Book review: The Last Witness, by K J Parker

26 10 2017

K J Parker is the pen name of English speculative fiction writer Tom Holt, and vice versa. As Tom Holt, Parker has written humorous novels such as Blonde Bombshell and Life, Liberty and the Pursuit of Sausages, while as K J Parker, Holt has penned several connected (and sometimes World Fantasy Award-winning) fantasy trilogies and series.


The unnamed protagonist in The Last Witness (in fact, having read the book, I have the distinct impression that nobody within it is ever actually named—instead, they’re identified as ‘the old man’, ‘the skinny girl’, ‘the ambassador’, etc) has the singularly useful ability to extract, absorb, and erase any selected memory from another person’s mind. This ensures that he has a lucrative career as a sort of human disinfectant, able to expunge items of knowledge which could be hazardous to the careers of the wealthy and the ambitious—for example, evidence of unauthorised payments, of criminal guilt, or other problematic details. The problem with this arrangement is, of course, that although he makes it a matter of principle never to disclose a confidence gleaned through such cranial spycraft, the kind of person willing to pay for his services to expunge a vexatious memory from someone else’s head are unlikely to have too many qualms about paying for somebody to expunge the vexatious memory from his head, using more traditional approaches …

The book’s ‘hero’ is about as unlikeable as it’s possible for a character to be—cowardly, manipulative, cruel, horrendously wasteful, extremely self-centred and sometimes criminally stupid—yet still has some appeal, largely through (so far as we can tell) his honesty. He’s upfront, too, about how much we can (or can’t) trust him, because he cannot always be sure whether the memories he holds are his own. One of the intriguing questions posed by the book is whether a murderer’s guilt (for example) resides with the memory, or with the practitioner: just because the protagonist can remember having murdered people (and therefore possesses the skill set required to perform such acts in the future), is he responsible for the deaths he can remember? It’s this type of question he ponders, while the metaphorical noose tightens around him as previous clients look to eliminate the last ‘loose end’.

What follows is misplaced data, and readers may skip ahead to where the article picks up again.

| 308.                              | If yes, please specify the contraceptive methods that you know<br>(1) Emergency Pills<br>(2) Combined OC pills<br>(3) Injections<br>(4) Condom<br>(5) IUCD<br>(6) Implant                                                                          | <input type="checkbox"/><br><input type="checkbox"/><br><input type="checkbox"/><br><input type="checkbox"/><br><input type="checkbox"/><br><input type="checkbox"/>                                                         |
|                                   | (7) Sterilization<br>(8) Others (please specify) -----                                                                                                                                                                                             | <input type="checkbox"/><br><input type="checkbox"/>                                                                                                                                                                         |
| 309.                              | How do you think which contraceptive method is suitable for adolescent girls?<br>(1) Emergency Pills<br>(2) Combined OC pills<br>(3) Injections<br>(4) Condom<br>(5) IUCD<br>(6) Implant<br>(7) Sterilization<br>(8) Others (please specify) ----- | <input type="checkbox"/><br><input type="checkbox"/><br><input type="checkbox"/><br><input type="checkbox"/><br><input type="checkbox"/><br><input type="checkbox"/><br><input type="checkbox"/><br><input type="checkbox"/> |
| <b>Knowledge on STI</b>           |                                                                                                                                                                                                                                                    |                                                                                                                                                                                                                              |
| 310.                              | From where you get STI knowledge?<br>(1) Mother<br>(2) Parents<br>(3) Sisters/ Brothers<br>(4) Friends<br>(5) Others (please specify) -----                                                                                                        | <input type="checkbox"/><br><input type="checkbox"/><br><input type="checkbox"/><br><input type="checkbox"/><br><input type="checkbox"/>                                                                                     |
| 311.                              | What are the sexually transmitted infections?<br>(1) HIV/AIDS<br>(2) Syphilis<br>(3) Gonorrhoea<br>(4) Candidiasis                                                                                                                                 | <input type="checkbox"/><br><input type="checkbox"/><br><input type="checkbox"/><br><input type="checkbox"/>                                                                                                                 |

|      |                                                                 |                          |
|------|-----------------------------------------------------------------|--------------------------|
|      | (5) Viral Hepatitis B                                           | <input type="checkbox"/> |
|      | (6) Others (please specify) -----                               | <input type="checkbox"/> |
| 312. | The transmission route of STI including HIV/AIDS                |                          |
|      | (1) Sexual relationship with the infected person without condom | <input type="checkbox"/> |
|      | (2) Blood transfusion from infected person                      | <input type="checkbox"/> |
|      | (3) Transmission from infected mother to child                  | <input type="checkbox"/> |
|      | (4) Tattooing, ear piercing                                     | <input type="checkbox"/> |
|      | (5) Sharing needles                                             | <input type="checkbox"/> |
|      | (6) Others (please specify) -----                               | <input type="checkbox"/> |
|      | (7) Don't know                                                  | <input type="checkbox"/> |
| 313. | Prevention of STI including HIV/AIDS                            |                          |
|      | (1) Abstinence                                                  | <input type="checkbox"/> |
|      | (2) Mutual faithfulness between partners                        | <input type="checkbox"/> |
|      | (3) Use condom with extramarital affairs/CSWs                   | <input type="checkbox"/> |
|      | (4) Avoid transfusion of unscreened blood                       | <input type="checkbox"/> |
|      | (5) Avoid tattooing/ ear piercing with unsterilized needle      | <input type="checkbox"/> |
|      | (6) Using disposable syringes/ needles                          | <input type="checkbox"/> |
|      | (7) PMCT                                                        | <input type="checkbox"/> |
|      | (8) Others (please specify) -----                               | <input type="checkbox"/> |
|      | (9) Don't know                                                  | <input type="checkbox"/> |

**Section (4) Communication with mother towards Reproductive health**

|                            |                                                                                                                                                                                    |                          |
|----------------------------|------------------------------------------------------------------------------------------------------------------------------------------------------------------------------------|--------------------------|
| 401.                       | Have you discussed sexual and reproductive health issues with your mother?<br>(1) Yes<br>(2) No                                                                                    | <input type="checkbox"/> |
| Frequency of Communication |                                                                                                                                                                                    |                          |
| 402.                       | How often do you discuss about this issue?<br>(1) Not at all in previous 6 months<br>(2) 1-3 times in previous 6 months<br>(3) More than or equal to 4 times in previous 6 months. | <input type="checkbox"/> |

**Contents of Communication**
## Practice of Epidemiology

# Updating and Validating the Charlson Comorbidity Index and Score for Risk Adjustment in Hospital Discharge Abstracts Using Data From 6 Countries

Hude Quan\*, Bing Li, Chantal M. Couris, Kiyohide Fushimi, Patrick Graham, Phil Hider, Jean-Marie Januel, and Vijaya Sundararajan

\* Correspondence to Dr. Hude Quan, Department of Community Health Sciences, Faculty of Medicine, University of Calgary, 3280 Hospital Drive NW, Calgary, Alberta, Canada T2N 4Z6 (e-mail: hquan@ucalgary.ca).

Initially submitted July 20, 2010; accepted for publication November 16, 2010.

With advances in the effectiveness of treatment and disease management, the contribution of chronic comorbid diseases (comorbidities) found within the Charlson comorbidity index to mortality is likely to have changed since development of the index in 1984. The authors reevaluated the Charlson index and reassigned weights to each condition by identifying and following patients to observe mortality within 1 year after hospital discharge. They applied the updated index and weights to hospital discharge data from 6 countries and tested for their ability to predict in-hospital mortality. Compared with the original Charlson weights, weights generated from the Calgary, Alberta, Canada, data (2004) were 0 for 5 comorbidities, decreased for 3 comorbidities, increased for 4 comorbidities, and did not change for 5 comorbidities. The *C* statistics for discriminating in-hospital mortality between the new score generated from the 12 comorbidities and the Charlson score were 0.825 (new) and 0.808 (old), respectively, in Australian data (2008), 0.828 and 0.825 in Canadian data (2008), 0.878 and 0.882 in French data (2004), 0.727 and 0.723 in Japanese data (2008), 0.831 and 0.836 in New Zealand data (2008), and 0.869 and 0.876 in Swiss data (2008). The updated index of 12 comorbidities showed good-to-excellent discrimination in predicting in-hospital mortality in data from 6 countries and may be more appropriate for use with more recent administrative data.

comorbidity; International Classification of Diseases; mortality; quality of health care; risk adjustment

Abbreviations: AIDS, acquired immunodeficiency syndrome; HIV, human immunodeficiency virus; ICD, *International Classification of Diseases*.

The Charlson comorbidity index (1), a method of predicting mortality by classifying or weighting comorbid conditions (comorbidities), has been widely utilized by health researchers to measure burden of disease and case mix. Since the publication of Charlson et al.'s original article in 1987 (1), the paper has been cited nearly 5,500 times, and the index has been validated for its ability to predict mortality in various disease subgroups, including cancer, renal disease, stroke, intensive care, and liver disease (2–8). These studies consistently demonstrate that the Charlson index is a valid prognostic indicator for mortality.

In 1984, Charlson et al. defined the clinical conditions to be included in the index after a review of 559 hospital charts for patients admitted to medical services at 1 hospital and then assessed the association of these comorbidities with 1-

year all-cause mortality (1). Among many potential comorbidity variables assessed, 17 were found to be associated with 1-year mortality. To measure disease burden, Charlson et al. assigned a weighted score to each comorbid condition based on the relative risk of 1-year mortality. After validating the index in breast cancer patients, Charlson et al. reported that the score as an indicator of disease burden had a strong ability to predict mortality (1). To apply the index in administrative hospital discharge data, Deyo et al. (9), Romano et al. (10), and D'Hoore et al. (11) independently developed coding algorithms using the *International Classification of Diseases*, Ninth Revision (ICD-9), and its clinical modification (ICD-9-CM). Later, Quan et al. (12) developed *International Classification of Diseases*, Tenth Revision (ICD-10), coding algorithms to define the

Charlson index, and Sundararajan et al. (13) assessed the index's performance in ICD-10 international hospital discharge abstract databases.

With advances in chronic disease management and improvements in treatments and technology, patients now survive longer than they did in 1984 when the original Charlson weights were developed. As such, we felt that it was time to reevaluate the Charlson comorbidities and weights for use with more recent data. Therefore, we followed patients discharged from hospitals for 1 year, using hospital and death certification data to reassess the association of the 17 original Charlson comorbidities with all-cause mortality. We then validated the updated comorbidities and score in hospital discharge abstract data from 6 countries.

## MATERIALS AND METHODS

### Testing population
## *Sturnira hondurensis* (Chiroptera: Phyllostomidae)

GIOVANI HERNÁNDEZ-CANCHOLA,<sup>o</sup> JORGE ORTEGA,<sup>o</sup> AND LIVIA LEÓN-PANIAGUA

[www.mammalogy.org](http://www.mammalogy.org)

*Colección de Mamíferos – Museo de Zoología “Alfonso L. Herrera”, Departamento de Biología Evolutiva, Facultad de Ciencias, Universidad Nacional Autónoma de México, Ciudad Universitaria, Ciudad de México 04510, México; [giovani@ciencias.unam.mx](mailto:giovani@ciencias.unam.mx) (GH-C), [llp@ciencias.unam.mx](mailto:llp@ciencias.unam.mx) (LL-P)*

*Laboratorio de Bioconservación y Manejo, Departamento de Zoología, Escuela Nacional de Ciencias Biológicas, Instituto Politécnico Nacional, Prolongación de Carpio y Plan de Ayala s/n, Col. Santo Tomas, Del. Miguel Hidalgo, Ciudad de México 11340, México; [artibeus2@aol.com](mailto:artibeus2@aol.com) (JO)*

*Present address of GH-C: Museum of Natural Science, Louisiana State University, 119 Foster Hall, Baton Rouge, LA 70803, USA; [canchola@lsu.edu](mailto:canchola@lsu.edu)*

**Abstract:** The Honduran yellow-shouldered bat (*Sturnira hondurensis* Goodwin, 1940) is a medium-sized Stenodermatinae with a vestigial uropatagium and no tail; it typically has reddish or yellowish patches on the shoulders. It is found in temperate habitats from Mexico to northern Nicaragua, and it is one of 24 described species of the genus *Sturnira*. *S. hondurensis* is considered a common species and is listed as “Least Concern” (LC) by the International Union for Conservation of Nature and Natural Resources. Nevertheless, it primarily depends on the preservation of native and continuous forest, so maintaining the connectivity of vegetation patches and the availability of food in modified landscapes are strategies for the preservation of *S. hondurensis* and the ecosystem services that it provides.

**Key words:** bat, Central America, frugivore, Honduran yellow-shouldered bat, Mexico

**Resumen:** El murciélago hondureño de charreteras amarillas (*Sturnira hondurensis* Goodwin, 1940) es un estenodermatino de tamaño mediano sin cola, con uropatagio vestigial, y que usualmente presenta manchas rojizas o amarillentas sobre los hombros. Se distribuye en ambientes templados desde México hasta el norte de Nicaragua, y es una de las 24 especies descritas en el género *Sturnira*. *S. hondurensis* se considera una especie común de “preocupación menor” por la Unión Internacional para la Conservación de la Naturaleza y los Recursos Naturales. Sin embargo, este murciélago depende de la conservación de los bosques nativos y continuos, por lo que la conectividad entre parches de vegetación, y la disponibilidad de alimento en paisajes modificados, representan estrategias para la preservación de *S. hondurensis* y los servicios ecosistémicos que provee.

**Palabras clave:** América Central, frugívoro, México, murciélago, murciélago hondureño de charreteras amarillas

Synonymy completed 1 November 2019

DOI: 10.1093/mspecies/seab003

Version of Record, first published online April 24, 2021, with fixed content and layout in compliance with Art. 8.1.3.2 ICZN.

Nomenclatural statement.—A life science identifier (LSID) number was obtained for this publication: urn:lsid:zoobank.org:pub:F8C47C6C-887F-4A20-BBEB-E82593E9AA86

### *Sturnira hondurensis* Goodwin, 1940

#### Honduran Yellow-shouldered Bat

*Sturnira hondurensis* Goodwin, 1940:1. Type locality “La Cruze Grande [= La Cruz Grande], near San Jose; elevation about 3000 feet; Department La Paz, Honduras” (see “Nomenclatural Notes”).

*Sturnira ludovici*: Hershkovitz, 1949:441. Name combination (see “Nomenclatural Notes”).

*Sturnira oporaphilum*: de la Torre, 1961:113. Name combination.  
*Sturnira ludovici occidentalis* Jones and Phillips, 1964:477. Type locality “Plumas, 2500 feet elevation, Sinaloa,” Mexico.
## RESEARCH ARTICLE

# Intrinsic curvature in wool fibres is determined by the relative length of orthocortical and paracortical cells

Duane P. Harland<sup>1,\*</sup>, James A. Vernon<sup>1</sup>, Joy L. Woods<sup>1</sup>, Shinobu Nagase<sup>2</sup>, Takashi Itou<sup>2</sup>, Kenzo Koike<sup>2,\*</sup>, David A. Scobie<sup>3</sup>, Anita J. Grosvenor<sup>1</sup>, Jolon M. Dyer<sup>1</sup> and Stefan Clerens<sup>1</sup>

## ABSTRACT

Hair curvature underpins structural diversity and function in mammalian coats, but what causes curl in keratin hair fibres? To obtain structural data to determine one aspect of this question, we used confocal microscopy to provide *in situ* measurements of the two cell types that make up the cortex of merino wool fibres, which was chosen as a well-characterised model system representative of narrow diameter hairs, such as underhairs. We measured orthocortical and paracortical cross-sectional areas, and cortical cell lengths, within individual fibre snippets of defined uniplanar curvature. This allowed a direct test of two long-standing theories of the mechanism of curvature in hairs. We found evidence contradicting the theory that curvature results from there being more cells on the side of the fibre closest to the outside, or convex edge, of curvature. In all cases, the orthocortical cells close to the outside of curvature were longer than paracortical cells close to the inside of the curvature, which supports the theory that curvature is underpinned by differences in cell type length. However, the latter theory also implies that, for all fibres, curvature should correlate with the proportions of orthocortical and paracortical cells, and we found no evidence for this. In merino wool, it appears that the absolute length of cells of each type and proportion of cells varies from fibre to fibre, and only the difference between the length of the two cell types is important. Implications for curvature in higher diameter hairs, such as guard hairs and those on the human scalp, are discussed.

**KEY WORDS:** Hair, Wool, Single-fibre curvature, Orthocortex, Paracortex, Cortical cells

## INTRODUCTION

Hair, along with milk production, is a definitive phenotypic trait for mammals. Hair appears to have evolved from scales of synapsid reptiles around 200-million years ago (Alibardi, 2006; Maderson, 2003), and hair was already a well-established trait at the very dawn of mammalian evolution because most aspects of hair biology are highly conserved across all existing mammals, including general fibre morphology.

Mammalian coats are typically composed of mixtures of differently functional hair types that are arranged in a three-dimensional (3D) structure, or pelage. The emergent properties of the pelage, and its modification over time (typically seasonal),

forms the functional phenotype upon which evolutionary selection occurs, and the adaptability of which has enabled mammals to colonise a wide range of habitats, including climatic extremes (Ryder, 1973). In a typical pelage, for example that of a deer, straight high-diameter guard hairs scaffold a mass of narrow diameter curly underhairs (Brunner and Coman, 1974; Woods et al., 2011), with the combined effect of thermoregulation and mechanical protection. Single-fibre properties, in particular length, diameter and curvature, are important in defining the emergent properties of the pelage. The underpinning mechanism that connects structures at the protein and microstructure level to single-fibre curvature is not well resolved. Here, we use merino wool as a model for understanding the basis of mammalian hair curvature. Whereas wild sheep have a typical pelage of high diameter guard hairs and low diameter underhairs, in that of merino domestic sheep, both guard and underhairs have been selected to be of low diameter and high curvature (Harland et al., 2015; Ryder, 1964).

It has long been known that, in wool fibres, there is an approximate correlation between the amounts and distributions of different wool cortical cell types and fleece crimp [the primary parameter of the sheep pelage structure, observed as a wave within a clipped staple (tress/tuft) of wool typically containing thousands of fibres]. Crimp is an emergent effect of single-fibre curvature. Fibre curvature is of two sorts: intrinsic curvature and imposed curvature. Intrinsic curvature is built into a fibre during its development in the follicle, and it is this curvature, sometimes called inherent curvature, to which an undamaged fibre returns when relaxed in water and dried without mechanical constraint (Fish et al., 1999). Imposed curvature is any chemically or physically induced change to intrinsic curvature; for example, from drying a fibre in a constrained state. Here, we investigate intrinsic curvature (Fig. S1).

This is an entertaining, wry, sometimes-confusing novella where ‘memory’—mutable, unreliable, potentially deadly—is as much a character as anyone else. The lack of nominative detail plays into the sense of precarious remembrance that’s at the story’s core. While characters are sufficiently plainly drawn and individual, one can’t always recognise them when one meets them a second time on the pages. This potential for confusion mirrors the circumstance that, while the protagonist’s openness about his past seems at times confessional (and as an aside, there’s an intriguing exploration of the role of the confessional and the consequent horribleness of priests’ memories), his uncertainty about the provenance of certain chunks of personal backstory ensures that he is the quintessential unreliable narrator.

Having not read any of Parker’s other writing (beyond a couple of stories in ASIM), I’m not sure how snugly this one fits into his larger body of work: it may be a complete singleton with no connection to any of his novels, or it may feature a setting already familiar to readers of his books. In any case, it’s an effective introduction to Parker’s richly (yet unostentatiously) realised fantasy settings.




One response

26 10 2017

Awesome review! I’ll definitely have to check this one out.

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